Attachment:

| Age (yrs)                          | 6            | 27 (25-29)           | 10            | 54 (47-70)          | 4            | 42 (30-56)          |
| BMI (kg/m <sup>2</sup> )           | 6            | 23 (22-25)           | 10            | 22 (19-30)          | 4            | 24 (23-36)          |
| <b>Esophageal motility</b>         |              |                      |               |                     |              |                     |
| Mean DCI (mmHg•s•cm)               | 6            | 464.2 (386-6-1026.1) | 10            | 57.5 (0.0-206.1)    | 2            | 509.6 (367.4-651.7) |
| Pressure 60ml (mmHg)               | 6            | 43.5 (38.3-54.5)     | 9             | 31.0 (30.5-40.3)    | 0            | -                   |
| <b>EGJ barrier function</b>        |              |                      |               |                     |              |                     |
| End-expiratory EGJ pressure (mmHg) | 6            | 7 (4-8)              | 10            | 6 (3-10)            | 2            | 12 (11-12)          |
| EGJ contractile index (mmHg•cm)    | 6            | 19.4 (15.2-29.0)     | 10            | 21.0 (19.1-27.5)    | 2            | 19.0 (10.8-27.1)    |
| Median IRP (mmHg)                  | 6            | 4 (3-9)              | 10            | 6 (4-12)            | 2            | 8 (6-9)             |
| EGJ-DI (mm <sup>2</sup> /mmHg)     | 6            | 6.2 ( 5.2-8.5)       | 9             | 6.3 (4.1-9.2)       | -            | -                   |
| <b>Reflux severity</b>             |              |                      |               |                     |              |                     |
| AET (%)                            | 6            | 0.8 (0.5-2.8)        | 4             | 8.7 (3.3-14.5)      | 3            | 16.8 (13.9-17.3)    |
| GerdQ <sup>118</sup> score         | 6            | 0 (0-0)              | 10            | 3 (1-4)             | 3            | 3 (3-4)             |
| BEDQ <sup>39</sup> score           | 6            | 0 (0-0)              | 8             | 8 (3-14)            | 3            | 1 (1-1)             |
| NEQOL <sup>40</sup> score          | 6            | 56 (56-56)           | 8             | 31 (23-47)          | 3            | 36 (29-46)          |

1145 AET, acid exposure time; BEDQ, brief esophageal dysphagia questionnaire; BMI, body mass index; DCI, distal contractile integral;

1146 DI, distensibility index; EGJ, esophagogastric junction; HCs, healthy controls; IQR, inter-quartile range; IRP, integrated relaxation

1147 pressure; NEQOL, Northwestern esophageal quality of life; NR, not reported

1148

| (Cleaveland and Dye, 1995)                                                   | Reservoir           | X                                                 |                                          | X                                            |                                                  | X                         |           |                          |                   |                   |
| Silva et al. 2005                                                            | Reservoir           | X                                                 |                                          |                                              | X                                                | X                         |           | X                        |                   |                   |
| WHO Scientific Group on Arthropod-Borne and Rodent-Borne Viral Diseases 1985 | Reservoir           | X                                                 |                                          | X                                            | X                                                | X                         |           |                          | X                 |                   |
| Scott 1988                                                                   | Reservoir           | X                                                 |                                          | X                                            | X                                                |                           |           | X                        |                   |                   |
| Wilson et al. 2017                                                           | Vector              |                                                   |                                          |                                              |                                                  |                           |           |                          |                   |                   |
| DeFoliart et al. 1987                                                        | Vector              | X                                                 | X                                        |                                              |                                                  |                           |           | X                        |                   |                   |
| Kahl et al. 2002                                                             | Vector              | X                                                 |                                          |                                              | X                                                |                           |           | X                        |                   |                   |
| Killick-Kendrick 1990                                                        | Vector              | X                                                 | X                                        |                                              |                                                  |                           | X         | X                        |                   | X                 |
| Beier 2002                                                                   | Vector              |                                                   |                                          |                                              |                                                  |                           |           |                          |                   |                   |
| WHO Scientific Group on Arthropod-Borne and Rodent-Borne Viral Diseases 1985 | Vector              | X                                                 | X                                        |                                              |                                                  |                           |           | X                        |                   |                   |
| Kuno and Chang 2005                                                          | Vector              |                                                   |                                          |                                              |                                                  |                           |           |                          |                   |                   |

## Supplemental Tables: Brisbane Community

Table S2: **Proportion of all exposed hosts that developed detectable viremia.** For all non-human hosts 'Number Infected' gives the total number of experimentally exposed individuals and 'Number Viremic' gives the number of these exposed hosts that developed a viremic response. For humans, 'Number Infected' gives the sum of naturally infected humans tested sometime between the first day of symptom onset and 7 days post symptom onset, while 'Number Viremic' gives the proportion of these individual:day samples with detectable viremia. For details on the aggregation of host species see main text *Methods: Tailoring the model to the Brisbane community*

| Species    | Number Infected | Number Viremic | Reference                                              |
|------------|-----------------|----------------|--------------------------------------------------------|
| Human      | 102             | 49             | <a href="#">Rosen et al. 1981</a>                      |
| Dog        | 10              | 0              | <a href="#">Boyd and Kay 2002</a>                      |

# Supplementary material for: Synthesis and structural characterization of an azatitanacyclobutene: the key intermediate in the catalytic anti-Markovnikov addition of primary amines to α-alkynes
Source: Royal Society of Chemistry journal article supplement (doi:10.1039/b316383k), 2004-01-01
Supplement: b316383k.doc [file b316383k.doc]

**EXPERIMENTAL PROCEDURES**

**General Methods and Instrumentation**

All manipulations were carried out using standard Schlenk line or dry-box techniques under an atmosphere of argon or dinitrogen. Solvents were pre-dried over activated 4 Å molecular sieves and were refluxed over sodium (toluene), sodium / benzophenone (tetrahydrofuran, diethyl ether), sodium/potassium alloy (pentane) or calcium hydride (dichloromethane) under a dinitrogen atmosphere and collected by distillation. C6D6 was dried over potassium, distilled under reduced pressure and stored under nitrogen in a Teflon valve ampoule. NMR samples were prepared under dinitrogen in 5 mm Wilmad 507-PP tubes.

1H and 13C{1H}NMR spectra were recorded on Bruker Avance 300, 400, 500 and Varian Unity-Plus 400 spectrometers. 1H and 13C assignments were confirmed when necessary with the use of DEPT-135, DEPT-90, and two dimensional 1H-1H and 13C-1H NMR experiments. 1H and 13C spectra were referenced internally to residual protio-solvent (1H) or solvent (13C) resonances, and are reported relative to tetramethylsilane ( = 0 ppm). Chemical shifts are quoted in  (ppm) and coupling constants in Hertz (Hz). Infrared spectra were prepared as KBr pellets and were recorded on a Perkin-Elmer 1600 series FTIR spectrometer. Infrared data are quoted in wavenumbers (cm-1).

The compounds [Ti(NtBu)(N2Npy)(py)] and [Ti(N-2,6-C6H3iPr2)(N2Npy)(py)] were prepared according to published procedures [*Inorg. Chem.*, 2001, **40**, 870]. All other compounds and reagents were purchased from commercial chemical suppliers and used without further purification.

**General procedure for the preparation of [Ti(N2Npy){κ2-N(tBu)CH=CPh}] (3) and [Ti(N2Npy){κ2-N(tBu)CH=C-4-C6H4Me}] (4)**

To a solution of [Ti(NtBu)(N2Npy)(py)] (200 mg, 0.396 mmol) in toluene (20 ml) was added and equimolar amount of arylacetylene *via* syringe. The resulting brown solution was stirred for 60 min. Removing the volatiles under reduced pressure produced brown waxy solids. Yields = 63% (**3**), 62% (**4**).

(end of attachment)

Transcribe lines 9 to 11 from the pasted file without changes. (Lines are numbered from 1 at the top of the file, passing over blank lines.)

| Median IRP (mmHg)                  | 6            | 4 (3-9)              | 10            | 6 (4-12)            | 2            | 8 (6-9)             |
| EGJ-DI (mm <sup>2</sup> /mmHg)     | 6            | 6.2 ( 5.2-8.5)       | 9             | 6.3 (4.1-9.2)       | -            | -                   |
| <b>Reflux severity</b>             |              |                      |               |                     |              |                     |